I got into town today, went to the Union, had lunch there, and enjoyed the general grayness that was outside from within the bright confines of the Lakefront Cafe while I ate a burger and worked on my computer.
Later in the afternoon I took a break, walked up State Street, and ended up, as usual, at Fair Trade, where I took a seat in the back corner, plugged in, and let the laptop do its thing while I finished reading The Egyptologist by Arther Phillips. The Egyptologist follows two narratives, that of Ralph Trilipush, a young, dandy-ish egyptologist engaged to the daughter of an American businessman and working on an excavation in the fall of 1922 near Luxor, and, thirty years later, the letters/memoirs of an Australian private eye, Harry Ferrell, whose old paternity case turns into a murder mystery, which leads him, back in 1922, to Trilipush, and these two first person narratives, told through letters and journals, have distinctive voices, conflict, and in the end say more about their narrators than they do about the events unfolding around them. For that one must read between the lines; much of what one might call “the plot” is implicit.
After Special Topics in Calamity Physics, which I read late last fall after getting it for my birthday, this is the most entertaining book I’ve read in recent memory. Especially in the abstract, at times in reality. “Special Topics …” I couldn’t put down; as for The Egyptologist, I should have treated it such, but I did put it down, a lot, reading it only on the bus or in coffee shops, and so until yesterday I hadn’t developed much of a flow or rhythm with it.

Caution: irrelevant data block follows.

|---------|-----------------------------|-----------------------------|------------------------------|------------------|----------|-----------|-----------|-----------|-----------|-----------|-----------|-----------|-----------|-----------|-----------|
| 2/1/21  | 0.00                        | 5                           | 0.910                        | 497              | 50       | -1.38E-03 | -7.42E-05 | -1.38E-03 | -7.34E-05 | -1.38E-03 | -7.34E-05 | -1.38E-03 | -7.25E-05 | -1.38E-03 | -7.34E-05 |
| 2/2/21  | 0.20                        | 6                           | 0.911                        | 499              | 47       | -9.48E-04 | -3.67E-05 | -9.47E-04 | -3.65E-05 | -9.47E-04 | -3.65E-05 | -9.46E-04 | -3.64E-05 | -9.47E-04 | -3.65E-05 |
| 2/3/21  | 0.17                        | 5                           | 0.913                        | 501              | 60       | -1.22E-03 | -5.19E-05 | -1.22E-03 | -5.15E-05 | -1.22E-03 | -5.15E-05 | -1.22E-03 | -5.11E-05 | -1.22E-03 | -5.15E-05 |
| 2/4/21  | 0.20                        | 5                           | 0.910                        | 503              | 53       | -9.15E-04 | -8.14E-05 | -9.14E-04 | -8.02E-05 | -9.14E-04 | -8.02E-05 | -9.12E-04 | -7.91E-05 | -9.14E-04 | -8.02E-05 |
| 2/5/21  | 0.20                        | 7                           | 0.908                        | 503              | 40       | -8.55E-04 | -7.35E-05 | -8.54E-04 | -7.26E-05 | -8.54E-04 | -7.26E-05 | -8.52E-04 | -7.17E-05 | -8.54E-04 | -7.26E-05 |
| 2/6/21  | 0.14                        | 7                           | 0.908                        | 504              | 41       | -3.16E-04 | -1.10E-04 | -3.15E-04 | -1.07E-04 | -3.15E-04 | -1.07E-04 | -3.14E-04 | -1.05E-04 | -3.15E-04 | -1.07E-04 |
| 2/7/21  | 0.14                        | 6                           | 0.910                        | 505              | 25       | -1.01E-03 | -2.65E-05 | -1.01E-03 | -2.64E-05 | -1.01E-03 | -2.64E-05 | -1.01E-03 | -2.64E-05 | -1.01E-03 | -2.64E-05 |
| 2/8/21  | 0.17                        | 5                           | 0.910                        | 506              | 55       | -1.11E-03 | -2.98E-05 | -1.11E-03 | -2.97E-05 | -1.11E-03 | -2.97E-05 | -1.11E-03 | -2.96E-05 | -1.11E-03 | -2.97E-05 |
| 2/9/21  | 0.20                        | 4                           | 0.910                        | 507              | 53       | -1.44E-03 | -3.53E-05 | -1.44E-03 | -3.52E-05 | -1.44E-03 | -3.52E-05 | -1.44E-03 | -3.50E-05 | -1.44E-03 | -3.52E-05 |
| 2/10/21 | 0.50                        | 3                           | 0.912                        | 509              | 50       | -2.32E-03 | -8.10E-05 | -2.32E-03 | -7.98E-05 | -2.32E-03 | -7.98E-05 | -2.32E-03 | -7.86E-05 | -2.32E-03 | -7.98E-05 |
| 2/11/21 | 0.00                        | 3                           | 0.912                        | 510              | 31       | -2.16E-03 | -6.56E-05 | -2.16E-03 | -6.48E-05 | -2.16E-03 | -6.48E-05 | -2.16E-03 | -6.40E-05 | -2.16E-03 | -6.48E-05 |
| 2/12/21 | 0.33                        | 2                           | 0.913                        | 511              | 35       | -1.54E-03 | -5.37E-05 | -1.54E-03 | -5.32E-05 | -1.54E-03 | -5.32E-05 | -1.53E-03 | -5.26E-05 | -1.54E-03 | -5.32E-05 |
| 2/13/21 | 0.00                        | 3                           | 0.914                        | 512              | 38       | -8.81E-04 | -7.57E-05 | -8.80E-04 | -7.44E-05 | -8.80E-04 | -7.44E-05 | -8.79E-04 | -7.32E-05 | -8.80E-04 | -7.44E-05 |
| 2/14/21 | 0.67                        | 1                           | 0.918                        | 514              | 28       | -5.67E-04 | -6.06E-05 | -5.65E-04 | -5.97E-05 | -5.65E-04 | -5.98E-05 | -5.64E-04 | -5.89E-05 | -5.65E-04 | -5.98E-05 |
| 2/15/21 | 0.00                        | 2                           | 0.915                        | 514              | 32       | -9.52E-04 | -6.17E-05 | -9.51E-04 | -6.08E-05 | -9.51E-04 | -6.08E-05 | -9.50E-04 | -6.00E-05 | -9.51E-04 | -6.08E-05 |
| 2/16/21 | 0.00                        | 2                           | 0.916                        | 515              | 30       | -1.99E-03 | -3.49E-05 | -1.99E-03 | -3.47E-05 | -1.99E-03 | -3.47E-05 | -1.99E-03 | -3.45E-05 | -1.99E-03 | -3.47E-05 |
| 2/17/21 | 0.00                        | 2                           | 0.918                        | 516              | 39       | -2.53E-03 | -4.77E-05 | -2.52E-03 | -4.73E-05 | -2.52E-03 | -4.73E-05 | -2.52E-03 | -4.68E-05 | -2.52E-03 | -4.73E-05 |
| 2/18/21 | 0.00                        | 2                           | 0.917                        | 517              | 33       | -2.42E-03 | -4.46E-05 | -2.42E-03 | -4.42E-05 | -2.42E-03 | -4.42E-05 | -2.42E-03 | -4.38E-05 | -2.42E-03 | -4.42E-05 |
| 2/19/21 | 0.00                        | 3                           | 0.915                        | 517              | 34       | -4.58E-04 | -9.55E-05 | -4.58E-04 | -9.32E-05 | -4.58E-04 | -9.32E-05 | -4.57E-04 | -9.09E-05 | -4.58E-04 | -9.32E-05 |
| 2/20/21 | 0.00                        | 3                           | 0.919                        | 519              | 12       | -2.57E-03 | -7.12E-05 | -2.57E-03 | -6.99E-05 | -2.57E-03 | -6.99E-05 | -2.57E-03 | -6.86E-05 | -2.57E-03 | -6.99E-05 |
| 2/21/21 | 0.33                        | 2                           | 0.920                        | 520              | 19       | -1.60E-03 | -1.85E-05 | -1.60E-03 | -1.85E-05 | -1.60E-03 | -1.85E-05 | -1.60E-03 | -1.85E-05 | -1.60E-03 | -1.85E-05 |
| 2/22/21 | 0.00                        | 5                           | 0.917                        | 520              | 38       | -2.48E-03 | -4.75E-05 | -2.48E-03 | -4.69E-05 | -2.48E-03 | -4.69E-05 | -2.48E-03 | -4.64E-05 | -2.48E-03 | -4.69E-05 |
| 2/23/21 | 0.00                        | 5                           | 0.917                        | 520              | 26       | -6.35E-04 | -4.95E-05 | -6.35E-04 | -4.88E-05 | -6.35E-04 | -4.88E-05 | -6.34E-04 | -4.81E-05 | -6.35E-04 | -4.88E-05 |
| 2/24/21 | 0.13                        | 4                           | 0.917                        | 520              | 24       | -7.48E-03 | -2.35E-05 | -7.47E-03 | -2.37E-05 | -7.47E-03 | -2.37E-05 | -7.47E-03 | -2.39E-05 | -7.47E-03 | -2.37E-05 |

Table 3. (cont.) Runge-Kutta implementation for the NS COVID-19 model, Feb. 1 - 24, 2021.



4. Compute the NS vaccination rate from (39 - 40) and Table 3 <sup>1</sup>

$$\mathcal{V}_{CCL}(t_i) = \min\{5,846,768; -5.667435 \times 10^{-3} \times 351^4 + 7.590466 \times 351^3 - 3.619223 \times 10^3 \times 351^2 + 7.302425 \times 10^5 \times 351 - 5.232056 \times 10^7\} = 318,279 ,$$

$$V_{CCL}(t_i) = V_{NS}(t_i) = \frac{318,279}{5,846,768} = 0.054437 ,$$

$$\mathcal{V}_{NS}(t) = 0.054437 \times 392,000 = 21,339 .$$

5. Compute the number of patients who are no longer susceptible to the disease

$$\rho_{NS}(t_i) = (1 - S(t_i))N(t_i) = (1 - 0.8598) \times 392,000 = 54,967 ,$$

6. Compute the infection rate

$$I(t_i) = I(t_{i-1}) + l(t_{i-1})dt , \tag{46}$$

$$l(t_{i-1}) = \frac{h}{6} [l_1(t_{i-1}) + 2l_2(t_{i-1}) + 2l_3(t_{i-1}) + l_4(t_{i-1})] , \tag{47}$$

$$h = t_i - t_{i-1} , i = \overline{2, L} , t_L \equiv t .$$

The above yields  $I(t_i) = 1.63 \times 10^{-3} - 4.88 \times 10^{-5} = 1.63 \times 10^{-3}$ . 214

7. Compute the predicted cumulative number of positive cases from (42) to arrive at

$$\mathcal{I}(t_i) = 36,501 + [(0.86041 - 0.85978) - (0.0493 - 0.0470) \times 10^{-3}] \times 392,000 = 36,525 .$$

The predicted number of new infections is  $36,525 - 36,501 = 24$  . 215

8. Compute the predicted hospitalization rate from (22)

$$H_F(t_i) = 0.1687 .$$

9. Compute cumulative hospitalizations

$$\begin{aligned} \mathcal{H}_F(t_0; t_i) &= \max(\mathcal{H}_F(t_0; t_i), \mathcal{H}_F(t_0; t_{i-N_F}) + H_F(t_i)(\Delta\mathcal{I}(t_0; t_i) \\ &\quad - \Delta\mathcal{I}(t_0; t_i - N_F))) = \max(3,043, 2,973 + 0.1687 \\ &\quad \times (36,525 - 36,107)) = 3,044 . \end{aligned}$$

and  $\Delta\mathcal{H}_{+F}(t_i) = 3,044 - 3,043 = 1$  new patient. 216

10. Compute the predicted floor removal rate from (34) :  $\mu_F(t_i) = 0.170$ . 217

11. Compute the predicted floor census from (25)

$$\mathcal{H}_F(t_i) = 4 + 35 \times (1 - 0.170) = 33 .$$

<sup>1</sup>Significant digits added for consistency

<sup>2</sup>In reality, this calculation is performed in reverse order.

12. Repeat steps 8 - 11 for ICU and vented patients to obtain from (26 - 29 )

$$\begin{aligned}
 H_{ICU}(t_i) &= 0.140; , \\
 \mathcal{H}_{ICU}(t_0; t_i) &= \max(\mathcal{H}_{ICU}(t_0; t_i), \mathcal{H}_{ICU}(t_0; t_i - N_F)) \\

Afterward I doodled a bit (and doodled while drawing as a diversion) and then walked toward the Overture Center, from which I caught a #6 home. Tim Schaab was onboard; I said hello.
At home I watched episode 9, season 3, of Doctor Who, “Family of the Blood” or such, the conclusion to a two-parter that has the Doctor and Martha Jones holing up in 1913 England at a small boys’ military preparatory school, hiding from this “Family,” which the Doctor can’t outright kill. But the members of the Family have a short lifespan, and if they don’t eat a Time Lord soon they’ll die, etc., so Martha and the Doctor decide to wait them out. But to do so they put the Doctor’s “Doctorness” in a “watch” and turn his body completely human, and while in this new identity as John Smith he falls in love with a human woman … it’s a sad story, and at the end we see the power of the Doctor mythically portrayed.
Now I’ll watch the next two episode, “Blink” and “Utopia.”
As for music … very little accomplished today. A bit of The Police. Nothing remarkable.